Via Jazz Hodges

UK Punk Band Bad Nerves Are Ready to Shake the Scene Up

UK’s Bad Nerves want to shake things up – and shake things up they will. Actually, it is already what they are doing in this dull, formulaic, and predictive music scene. The punk rock outfit are bringing back the ethos we all miss: the CBGB’s underground rock spirit, the Ramones-era nostalgic punk scene we crave, and the edgy garage band we want. Their songs are reminiscent of the 1970s and singer Bobby Nerves’ shrill, piercing vocals complement Will Power, Jon Poulton, Sam Thompson, and George Berry immaculately. They are, and this is, Bad Nerves. 

Bobby Nerves has everything that it takes to become the rock icon we all need right now. His voice, his style, and his swagger is what the industry is missing at the moment, aside from a few in the vein of Luke Spiller from The Struts and Amy Taylor of Amyl and the Sniffers. Rock music is out of the mainstream focus and Bad Nerves are working hard to shift it back to front and center – where it belongs. Sharp punk sounds laced into stripped down rock stylings prove that Bad Nerves is ready to rock the establishment. Fingers crossed they make a huge splash from across the pond because this band is switching things up release after release. (There’s a reason bands like Green Day adore them and they’re often compared to The Strokes – they rock.)

The Aquarian’s Robert Frezza sat down with lead singer Bobby Nerves and bassist Jon Poulton to talk about the pressure of making their sophomore album, what punk rock means to them, and when we can hope to see them here in the States.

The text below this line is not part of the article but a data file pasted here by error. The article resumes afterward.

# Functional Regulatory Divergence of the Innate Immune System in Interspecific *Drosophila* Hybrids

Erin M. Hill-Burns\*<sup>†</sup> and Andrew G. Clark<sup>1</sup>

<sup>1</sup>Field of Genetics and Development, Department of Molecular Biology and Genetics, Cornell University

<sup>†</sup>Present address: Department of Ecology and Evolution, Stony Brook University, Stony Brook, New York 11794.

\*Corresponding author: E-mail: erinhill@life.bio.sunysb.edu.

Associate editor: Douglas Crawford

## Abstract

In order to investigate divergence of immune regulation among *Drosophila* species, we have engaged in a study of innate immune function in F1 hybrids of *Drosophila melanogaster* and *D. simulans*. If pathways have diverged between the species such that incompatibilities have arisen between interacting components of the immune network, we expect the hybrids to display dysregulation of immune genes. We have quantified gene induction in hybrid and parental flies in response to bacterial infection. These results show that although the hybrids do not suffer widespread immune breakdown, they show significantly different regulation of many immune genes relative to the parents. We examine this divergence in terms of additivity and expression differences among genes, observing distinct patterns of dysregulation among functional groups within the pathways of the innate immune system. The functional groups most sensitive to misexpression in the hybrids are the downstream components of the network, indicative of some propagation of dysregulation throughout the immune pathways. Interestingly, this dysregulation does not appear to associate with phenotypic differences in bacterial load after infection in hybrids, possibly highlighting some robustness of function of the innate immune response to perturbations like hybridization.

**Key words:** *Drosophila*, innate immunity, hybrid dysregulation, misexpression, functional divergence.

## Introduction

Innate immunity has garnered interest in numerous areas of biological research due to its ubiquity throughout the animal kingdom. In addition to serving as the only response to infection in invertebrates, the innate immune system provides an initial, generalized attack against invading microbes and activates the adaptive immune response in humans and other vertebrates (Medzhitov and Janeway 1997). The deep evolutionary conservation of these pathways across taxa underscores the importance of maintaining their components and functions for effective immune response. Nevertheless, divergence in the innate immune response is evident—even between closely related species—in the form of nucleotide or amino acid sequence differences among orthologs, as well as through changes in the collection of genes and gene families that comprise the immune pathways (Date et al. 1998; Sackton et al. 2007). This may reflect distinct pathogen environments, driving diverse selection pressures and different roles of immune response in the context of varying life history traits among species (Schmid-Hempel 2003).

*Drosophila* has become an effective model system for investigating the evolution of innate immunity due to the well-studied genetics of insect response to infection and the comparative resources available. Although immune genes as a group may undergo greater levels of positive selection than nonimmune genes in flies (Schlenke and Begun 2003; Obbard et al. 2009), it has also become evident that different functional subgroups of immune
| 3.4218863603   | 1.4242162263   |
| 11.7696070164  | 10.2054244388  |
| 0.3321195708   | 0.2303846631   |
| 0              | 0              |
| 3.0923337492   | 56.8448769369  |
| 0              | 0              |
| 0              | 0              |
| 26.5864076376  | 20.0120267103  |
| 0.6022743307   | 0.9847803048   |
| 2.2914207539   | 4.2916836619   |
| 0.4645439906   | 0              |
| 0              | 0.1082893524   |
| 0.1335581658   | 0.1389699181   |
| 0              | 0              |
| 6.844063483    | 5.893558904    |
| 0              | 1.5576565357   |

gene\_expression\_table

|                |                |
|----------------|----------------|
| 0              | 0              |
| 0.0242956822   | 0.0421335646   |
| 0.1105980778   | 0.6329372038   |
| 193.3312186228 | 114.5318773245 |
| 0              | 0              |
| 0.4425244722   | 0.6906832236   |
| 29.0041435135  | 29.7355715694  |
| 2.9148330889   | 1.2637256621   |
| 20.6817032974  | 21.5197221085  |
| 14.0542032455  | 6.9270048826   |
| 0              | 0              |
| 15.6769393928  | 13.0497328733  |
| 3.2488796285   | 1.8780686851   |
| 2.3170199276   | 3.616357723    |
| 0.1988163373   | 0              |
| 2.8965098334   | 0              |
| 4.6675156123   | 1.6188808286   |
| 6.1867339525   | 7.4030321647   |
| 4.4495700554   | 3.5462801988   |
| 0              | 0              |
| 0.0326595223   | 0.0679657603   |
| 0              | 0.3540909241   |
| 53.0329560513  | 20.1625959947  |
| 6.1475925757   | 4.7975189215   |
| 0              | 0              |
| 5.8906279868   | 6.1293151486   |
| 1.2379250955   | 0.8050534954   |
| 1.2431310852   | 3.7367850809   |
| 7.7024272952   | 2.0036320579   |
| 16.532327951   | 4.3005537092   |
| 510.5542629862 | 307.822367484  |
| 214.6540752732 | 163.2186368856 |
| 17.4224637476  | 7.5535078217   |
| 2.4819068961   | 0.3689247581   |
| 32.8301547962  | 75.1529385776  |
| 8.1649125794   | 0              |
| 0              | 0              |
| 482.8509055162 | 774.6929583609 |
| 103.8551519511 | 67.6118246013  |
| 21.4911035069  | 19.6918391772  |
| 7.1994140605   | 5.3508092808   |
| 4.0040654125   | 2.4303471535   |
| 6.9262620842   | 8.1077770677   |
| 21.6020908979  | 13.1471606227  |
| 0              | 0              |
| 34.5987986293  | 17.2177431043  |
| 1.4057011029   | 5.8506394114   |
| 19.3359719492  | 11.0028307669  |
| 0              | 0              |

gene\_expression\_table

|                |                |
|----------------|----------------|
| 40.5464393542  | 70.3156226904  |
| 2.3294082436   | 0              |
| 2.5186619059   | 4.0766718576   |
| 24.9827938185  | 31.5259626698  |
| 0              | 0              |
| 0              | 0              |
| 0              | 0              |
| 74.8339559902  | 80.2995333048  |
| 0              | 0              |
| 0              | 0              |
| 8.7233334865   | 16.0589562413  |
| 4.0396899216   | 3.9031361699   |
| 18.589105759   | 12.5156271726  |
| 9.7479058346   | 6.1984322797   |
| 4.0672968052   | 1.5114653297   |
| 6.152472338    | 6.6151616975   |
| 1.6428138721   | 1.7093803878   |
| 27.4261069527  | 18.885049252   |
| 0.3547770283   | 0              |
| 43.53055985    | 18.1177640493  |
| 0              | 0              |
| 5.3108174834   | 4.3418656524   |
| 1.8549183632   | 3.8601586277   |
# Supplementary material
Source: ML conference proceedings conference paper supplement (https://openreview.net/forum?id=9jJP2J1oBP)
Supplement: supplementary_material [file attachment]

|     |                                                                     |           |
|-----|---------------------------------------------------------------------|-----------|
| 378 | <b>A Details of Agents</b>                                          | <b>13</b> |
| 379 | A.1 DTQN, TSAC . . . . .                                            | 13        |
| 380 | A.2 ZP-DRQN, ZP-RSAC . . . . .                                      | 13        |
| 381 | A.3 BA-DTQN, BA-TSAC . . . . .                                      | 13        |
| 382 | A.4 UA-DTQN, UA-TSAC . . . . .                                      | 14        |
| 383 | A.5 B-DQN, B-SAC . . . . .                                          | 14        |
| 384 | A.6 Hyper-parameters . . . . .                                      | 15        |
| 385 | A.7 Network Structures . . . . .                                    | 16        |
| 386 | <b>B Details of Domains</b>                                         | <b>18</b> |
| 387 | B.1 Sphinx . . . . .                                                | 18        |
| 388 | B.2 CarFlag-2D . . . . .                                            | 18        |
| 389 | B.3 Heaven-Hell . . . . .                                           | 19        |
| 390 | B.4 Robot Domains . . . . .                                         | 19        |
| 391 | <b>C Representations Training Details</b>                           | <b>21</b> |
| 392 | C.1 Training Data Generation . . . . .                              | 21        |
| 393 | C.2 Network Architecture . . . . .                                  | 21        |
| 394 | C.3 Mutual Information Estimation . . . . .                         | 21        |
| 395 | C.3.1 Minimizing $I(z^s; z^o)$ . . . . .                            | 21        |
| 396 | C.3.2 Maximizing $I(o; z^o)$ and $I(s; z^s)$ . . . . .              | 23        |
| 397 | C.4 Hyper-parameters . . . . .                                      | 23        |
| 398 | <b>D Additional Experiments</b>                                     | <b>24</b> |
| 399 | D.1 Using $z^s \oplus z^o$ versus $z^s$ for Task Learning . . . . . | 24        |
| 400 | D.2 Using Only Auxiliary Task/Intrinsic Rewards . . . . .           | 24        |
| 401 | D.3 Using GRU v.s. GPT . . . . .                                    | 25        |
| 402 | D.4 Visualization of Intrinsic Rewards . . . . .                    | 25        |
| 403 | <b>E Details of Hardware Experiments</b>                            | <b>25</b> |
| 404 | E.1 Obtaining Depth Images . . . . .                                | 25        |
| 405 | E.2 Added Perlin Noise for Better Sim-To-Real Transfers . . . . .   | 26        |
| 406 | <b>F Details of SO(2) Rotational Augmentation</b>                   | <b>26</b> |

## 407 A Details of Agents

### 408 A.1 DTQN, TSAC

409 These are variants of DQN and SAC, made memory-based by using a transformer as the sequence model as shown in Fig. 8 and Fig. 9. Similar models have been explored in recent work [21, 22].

It seems like rock music wants to make a comeback here in the States but never fully comes to fruition.

Bobby Nerves: There’s Ty Segall and Ohsees. There’s a lot of older bands we listen to like Negative Approach. In terms of the rock scene over in the States, there are just probably a lot of bands I have never heard of that are pretty sick. 

Generally, though, punk and rock seem to [have] all the best bands that are really hard to find. The bands that don’t have these large followings, the bands that you don’t hear on the radio and are not playing these big shows? Them. Everything else that is readily available or in the mainstream seems to be a lot of shit for the most part. I feel rock and punk has to have some sort of revival. I feel that it’s coming. That is the essence of that anger and to create that protest music. We need rock and roll now more than ever. I hope it will make a comeback. Real rock music is a ‘fuck you’ to the powers that be. People can really go oh-so-far until they had enough of hearing pop music. 

There’s IDLES and Fontaines D.C. here in the U.K., but that’s about it. The UK seems to pick a couple of the bands that they love and the rest kind of get left behind. Hopefully that will change and more rock bands come through. Turnstile is a wicked band in the States. They are a really cool band that I’d like to see live. The Marked Men and Radioactivity are some bands I like from the States, as well. Radioactivity from Texas is lo-fi, distorted, feel-good pop that has the adrenaline because of the speed of their sound. They have an big underground following like the Nerves – we love them, as well.

It feels like if you don’t have a large social media following, it’s like you’re not a real band. It feels like Bad Nerves have a lot more listeners than social media followers. The major record labels are a major business, though, [and] it’s all about celebrity culture right now, as well.

How’d the band come together?